Honorary degrees strengthen ties to UIC

Cheryl Ganz; Honorary Degree

Cheryl Ganz is celebrated with an honorary degree at Commencement in May. ­(Photo: Joshua Clark)

When Cheryl Ganz was told she would receive an honorary degree from UIC, it was one of the few times in her life that she was speechless.

“It was an incredible honor,” said Ganz, who earned her Ph.D. in history from UIC in 2005. “Not just because I’m a UIC graduate — I love the school, I believe in the school and its mission — but because I was nominated by peers and people whom I respect.”

Leading scholars and administrators from the university nominated Ganz because they were aware of her work, publications and blazing career path. Around the time of her nomination, Ganz had retired from her position as chief curator of philately at the Smithsonian National Postal Museum, where she worked with teams to create the world’s largest postage stamp gallery. It was the first time postage stamps were put in the context of history, politics, economics and social culture, setting new international standards for museum postage stamp exhibits.

UIC recognizes leaders like Ganz with honorary degrees, the university’s highest award granted for outstanding service in one or more of three areas: contributions to the scholarly or professional world, contributions to public service, or commitment to UIC. The UIC Senate seeks nominations through Dec. 1.

Honorary degrees strengthen links between recipients and the university, but having a relationship with UIC isn’t required for the nomination.

The award lets recipients know “what they’ve achieved in life is something that we agree with,” said William Bike, former chair of the Senate External Relations and Public Service Committee. “It lets that person know that we understand the accomplishments that they’ve made in their career and that we recognize them and honor them, and it’s simpatico in that the institution of UIC has similar values to this individual.”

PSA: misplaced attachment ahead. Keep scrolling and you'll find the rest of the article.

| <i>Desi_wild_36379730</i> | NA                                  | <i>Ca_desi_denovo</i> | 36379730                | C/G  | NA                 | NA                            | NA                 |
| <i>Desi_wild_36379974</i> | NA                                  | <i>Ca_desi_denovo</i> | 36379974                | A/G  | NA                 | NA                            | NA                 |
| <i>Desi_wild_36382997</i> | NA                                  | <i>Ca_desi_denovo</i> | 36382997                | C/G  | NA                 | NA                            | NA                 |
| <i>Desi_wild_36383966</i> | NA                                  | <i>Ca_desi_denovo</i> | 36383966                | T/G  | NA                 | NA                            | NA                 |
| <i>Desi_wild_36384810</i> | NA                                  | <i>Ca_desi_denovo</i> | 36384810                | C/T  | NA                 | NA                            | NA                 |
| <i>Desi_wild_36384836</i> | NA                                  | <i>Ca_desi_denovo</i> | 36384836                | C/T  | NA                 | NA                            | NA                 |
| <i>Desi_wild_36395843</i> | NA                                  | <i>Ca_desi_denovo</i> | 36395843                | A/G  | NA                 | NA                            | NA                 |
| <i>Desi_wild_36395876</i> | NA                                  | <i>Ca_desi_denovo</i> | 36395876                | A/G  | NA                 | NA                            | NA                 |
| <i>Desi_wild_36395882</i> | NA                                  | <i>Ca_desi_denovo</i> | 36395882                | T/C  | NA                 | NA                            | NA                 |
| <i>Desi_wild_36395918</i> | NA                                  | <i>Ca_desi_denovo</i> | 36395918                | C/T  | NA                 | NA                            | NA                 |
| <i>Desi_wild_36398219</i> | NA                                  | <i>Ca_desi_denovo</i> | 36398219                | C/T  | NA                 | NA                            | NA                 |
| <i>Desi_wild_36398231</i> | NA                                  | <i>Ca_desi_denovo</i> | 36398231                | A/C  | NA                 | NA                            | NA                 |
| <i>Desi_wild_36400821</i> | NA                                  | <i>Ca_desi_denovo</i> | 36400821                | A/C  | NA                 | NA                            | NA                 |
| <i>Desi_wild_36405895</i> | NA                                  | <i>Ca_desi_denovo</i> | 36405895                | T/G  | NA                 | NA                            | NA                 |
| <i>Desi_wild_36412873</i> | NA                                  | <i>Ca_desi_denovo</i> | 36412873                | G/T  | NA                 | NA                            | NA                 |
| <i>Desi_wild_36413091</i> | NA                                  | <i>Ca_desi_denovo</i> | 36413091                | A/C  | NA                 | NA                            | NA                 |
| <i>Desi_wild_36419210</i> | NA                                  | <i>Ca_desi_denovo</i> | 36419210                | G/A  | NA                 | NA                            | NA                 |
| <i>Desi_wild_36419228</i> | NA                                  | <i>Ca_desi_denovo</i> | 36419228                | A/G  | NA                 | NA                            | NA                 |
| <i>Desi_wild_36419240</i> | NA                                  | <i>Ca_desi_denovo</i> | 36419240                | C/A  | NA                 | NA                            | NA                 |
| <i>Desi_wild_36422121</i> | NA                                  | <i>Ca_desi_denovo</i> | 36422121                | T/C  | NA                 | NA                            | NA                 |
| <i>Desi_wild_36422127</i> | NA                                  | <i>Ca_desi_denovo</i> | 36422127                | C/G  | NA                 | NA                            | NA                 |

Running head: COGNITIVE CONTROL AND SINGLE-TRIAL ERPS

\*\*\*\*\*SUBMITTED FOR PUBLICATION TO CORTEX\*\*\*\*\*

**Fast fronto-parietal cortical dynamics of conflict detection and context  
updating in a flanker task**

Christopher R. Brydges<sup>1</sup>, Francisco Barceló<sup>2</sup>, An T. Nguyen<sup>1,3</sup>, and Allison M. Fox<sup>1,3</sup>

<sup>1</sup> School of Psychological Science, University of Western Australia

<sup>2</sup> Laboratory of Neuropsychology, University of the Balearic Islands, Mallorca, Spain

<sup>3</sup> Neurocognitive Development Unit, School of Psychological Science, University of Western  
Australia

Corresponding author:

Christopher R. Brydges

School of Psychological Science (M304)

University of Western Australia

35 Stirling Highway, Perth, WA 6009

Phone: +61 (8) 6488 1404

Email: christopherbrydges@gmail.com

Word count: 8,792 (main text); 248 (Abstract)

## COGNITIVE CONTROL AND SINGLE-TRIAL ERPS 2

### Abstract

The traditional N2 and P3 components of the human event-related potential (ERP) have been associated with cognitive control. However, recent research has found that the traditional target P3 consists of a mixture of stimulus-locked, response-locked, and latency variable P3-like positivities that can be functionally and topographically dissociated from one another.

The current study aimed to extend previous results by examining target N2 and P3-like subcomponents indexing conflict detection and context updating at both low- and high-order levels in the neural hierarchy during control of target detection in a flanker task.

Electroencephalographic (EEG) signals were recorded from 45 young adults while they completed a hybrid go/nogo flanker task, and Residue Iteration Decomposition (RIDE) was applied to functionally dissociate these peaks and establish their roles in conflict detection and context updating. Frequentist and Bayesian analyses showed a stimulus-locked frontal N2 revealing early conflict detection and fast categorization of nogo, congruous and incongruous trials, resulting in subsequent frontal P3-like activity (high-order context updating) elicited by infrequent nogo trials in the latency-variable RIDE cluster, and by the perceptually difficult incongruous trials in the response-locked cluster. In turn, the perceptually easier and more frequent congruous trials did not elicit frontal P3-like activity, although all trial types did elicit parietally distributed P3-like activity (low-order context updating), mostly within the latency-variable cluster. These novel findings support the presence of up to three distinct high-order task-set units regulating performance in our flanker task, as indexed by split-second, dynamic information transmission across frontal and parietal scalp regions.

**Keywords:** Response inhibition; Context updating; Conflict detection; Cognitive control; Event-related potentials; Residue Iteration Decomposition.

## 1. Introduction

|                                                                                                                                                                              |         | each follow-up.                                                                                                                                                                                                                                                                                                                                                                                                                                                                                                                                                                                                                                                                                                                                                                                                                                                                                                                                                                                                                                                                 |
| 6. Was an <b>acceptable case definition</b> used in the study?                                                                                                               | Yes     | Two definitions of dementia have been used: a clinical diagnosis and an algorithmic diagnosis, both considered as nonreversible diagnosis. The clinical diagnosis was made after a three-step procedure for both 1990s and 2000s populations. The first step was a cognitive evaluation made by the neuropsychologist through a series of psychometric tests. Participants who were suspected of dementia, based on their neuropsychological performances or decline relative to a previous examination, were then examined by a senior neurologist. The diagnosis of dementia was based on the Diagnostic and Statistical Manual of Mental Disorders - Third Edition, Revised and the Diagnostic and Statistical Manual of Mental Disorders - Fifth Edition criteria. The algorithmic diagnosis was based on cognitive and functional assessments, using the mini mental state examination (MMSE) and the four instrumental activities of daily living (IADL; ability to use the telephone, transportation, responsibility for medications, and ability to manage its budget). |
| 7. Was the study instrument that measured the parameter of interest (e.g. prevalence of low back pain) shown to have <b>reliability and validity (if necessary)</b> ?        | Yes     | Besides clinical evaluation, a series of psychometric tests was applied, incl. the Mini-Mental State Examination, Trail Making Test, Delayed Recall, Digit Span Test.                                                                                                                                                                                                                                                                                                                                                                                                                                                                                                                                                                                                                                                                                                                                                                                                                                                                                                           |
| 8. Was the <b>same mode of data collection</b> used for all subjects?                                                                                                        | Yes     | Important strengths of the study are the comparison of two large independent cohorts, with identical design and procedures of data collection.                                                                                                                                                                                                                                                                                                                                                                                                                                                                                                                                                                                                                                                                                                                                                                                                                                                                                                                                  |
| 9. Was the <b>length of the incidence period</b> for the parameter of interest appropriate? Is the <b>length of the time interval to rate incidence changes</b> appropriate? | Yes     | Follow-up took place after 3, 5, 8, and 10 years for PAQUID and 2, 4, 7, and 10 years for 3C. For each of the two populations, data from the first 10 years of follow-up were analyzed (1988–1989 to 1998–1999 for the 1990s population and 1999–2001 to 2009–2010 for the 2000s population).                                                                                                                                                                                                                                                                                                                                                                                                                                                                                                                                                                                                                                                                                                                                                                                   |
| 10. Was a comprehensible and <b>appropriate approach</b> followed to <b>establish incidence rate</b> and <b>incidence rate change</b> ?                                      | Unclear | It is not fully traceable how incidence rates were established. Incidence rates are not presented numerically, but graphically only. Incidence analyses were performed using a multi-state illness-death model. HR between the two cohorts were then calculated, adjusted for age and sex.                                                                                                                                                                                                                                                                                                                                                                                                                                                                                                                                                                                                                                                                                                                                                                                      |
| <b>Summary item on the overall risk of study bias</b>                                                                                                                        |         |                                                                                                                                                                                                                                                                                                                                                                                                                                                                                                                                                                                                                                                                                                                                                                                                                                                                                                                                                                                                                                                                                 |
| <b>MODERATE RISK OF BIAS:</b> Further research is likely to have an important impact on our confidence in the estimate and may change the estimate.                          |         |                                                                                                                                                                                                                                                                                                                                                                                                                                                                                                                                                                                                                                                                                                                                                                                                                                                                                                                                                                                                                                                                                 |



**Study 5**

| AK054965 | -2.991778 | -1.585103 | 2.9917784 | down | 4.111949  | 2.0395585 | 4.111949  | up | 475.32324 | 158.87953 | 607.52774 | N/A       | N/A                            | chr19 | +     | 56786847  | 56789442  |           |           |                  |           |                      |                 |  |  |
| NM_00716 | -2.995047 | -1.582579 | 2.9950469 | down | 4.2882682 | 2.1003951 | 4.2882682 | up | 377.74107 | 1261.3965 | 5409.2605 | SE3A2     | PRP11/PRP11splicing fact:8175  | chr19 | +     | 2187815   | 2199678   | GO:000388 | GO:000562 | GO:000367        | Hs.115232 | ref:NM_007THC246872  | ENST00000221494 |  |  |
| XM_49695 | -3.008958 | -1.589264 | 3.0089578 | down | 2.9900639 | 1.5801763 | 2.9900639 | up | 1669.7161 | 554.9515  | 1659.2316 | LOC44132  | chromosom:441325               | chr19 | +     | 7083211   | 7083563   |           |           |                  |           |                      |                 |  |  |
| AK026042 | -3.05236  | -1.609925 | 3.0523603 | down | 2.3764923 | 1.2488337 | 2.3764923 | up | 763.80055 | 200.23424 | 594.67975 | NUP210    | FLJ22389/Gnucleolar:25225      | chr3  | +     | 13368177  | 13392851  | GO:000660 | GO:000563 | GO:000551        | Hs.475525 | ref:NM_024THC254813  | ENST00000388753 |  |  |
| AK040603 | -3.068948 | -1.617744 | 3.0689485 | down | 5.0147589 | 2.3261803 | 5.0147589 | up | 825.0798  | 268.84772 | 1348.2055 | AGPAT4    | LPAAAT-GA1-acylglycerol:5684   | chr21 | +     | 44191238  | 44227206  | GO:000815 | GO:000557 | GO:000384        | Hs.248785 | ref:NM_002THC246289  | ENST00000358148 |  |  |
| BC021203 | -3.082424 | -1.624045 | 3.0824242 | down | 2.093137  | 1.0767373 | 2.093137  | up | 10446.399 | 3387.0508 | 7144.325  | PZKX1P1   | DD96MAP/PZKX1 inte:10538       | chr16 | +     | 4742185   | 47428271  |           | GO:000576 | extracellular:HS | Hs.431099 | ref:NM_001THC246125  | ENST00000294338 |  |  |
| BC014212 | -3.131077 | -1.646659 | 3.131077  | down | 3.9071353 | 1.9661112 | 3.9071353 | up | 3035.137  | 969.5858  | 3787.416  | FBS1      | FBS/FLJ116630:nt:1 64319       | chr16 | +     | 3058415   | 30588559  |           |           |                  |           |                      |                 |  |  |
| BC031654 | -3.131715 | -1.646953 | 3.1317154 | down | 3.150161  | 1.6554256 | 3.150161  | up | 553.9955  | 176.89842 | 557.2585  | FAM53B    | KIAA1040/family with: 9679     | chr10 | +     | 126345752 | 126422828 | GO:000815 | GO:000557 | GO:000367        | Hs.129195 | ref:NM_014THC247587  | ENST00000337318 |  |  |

The UIC community is encouraged to nominate individuals because “the people here — the faculty, the administration and the staff — they know who’s doing the path-breaking work in their various fields,” Bike added.

The UIC Senate received eight nominations last year. Recipients are selected by the senate and approved by the chancellor, university trustees, advisers and university president.

Ganz was chosen to receive a doctor of humane letters at the Spring 2016 commencement ceremony for the College of Liberal Arts and Sciences. She’s among more than 130 outstanding individuals awarded honorary doctorates since 1966.

“I would say [my ties to UIC] were very strong,” Ganz said. “Now, they’re about as strong as they can be.”

Send electronic versions of nominations to billbike@uic.edu

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